This Writer’s Relationship with Dialogue
I love writing dialogue. In fact, I love it so much that I only started writing a novel this year, at the age of 27 (I’ve been writing since I was 9). So despite being in love with writing, it never occurred to me to try writing a novel because I had thought that only people who could (and would) write pages of narrative got published.
It was a misguided belief, but I blame it all on my dad’s library, which was full of international bestsellers that reeked of unbearably long and detailed narratives. Of course as I grew up, I discovered a lot of bestselling writers who found the perfect narrative/dialogue ratio, as well writers whose narrative flowed so well it read like juicy dialogue.
But despite finding writers whose books I could read hundreds of pages from in one sitting, I still doubted myself. Because I like dialogue so much, I preferred writing plays over stories, and screenplays over novels.
And yet the dream of being published, seeing my book printed and on the shelves, stayed with me. And with the inspiration I got from authors like Sophie Kinsella and Shari Low, I decided to just go for it.
I love the works of Kinsella and Low because they create fun characters, interesting plots, and hilariously authentic romantic comedies. OK, call it modern romance, chicklit, escapism….whatever. I love reading those kinds of stories, as well as creating them.
But I still had my doubts. Because unlike what Kinsella usually does, my heroine is not the heart of the story. And I didn’t want a first person story written in present tense. Because the story belongs to my male protagonist as much as the female. And despite having a lot in common, they have distinctly different personalities. They are also established professionals. So I have to adjust my tone every time I switch point of view. And guess what? I am writing with multiple viewpoints.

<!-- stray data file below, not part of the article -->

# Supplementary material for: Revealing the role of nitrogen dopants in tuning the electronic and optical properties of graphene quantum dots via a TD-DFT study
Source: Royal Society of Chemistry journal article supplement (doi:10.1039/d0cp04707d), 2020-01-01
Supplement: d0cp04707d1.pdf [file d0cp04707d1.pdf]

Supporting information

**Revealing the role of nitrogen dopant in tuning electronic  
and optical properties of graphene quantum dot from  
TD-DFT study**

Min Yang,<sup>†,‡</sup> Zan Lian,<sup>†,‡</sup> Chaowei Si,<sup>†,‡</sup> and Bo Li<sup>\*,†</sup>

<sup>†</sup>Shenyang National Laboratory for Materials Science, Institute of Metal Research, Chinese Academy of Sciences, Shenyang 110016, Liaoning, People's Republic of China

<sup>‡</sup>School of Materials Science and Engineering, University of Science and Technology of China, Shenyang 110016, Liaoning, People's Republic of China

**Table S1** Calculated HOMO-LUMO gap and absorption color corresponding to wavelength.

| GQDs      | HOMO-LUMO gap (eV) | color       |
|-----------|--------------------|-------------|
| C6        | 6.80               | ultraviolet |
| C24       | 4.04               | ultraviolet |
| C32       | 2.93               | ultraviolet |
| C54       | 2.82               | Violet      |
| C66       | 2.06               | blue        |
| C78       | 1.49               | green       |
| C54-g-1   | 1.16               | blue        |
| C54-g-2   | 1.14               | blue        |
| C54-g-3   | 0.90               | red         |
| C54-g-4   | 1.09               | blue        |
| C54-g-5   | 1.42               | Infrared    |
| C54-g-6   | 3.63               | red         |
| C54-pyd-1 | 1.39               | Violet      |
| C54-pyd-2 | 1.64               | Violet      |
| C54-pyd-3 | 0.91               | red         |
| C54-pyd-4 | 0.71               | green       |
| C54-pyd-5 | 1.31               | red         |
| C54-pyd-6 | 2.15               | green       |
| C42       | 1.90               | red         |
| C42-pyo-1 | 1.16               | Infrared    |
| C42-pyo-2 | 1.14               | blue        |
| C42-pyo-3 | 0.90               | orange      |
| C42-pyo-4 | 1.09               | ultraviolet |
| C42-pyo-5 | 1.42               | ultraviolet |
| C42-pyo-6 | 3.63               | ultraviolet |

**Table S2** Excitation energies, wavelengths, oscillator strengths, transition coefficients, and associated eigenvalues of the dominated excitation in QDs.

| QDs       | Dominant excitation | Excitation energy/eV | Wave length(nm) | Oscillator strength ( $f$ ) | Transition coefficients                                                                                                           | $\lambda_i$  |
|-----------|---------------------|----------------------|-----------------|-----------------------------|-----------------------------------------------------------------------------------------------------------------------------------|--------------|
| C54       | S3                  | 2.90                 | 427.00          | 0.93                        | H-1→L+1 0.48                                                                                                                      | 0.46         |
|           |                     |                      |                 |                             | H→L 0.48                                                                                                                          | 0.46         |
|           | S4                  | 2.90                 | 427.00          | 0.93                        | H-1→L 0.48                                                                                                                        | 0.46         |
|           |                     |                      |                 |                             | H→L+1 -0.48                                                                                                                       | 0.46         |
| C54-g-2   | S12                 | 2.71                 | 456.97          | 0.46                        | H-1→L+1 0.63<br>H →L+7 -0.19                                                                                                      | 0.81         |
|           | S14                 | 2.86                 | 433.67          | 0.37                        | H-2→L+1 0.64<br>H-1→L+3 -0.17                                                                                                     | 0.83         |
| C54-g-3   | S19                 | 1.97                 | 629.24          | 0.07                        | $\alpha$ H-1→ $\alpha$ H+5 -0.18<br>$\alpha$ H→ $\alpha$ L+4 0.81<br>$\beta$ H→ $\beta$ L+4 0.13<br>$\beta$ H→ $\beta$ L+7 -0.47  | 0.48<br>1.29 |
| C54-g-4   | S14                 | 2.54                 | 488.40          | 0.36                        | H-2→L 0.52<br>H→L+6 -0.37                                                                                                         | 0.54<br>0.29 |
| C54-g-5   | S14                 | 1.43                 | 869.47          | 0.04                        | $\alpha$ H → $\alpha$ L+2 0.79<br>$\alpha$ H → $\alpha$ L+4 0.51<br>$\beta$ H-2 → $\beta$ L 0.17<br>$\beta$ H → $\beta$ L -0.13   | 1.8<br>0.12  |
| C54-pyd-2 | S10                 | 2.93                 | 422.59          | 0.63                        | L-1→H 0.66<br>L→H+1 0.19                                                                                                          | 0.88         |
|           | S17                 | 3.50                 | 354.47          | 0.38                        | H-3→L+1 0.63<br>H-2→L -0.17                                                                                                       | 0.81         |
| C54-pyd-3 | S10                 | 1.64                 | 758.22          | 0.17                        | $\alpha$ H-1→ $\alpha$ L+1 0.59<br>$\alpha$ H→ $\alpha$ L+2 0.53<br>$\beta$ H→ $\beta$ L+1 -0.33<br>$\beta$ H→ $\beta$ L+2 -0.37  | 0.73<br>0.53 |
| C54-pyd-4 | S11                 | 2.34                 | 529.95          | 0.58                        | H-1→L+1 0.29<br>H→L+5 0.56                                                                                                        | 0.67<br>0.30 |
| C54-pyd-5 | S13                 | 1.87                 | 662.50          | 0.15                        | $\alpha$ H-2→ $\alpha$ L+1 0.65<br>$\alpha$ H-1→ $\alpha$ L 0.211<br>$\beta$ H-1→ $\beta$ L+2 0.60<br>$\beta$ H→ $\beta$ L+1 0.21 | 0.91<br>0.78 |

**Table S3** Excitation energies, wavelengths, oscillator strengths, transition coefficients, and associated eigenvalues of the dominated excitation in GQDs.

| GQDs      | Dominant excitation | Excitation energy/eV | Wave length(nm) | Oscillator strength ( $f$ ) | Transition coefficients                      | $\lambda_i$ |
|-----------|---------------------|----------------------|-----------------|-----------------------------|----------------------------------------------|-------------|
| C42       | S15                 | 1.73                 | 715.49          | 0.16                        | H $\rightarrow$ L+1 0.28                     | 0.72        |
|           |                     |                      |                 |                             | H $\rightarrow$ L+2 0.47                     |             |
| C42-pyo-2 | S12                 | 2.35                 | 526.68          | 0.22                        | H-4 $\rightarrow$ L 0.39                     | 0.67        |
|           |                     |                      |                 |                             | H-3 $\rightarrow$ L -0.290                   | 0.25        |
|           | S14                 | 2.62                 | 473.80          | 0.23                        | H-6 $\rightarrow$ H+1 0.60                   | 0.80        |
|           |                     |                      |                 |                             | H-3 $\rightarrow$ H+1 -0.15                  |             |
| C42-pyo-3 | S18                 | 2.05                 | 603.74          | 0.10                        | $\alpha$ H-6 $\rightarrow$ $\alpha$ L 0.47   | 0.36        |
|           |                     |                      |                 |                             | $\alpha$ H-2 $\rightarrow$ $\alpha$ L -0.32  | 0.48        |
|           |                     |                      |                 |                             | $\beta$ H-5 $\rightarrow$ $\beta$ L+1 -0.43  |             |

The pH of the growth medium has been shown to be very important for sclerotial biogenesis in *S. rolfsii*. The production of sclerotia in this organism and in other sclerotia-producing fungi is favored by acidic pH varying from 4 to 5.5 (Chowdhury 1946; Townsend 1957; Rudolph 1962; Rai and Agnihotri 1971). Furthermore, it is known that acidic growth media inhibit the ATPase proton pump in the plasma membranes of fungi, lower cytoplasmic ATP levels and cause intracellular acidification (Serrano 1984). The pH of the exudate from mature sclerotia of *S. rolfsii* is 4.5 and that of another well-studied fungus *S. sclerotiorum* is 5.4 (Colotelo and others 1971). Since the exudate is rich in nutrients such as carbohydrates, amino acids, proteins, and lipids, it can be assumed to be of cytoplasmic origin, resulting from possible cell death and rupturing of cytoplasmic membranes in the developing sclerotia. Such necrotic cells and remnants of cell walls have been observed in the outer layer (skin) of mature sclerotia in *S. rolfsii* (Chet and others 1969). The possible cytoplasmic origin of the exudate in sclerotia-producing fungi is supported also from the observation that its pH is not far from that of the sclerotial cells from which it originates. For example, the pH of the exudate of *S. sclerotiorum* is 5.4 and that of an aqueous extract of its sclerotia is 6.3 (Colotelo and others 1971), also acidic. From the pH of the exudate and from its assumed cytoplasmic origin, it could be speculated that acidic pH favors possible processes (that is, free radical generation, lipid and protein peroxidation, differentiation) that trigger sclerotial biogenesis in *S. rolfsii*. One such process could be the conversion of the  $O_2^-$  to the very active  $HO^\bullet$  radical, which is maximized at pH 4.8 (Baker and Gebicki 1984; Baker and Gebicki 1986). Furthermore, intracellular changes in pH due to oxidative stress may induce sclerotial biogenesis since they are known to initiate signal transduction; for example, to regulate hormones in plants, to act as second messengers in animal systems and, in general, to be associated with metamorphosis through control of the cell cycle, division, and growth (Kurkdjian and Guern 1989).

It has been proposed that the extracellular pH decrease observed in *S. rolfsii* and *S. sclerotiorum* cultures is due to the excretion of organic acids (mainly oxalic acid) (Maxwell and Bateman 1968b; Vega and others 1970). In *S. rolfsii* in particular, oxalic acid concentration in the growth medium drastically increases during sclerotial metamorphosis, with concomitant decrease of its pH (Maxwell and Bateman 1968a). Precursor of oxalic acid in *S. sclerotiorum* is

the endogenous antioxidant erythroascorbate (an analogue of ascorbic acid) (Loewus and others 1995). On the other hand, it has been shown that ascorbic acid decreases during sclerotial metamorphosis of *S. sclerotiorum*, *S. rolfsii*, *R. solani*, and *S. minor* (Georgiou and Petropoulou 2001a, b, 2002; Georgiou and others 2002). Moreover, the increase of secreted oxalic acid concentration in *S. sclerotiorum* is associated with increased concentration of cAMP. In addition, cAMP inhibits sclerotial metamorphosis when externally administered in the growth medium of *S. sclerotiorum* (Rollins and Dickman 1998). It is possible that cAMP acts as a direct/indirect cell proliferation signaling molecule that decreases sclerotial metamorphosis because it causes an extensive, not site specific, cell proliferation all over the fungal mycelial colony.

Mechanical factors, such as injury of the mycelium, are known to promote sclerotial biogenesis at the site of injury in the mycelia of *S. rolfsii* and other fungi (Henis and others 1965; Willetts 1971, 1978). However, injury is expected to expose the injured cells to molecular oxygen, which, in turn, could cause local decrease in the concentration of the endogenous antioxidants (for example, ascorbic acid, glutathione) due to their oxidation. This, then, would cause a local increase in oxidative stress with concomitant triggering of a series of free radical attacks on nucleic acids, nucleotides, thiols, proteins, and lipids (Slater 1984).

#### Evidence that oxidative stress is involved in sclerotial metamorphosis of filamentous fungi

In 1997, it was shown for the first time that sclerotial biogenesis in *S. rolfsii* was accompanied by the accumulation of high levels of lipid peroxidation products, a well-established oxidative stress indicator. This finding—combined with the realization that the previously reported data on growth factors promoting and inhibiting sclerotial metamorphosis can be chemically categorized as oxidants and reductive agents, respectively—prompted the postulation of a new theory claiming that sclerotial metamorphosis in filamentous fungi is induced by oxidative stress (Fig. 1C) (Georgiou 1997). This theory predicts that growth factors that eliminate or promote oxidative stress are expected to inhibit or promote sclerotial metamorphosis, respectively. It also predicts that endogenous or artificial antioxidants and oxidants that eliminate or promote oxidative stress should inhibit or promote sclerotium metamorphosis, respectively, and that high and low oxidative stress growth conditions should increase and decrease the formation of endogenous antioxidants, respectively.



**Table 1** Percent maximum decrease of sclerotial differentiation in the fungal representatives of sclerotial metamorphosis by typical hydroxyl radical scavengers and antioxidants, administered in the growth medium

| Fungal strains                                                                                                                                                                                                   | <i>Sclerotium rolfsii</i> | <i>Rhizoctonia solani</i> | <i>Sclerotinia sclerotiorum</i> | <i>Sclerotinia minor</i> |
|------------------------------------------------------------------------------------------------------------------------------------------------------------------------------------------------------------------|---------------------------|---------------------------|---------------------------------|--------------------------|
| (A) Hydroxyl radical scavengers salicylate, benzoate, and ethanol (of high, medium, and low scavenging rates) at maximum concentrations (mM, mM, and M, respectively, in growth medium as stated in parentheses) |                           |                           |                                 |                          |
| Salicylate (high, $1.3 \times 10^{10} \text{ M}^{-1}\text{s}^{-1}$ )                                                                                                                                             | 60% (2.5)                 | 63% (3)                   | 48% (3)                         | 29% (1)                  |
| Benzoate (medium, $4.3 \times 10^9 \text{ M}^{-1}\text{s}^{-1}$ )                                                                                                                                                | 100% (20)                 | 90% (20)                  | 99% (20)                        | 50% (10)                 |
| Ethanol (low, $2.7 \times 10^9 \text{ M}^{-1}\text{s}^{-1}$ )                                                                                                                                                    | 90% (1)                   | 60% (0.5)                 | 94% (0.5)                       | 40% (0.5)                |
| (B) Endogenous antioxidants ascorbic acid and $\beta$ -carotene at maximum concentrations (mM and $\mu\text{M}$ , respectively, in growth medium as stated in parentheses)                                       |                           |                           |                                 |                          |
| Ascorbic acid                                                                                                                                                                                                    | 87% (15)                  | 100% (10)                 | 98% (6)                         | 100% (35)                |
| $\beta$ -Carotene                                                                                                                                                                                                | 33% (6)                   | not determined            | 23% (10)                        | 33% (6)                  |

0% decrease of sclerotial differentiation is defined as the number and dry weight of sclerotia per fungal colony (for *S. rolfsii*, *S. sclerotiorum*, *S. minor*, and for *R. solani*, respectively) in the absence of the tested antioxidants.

Why I Bought Writing Great Fiction
I needed some serious help. I didn’t want my characters to sound the same. I didn’t want any boring or unauthentic lines coming out of my characters’ mouths. I also didn’t want my story to look like it is all dialogue. I also had questions about formatting…Then I stumbled upon Gloria Kempton’s Write Great Fiction – Dialogue on Writer’s Digest’s shop.
I’ve been studying the book for a couple of months, and applying its tips on my book. I´ll be going whenever I get stuck, and I’ll also use it for editing and improving my manuscript. And here is why this is one of the best resources:
What It Offers:
- Lots of dialogue samples from a large variety of published and successful books
- What to pay attention when you are writing dialogue (including its relationship with narrative and action)
- What not to do
- Lot of tips and exercises
- Formatting your dialogue
- How to know if your dialogue is working
- How not to get carried away with fancy words and useless adverbs
- Knowing your characters’ personality type, and writing accordingly
- And a lot more.
The Book’s Language
One of my pet peeves is people who don’t practice what they preaches. But luckily Kempton isn’t one of them, as her tone throughout the whole book is while authorative, it is also fun, conversational and personal.
You know you can trust her advice (not just because her book was published by Writer’s Digest), but also it is clear that she has used her own advice and it works. How else would it be enjoyable to study a non-fiction book without wanting to put it away?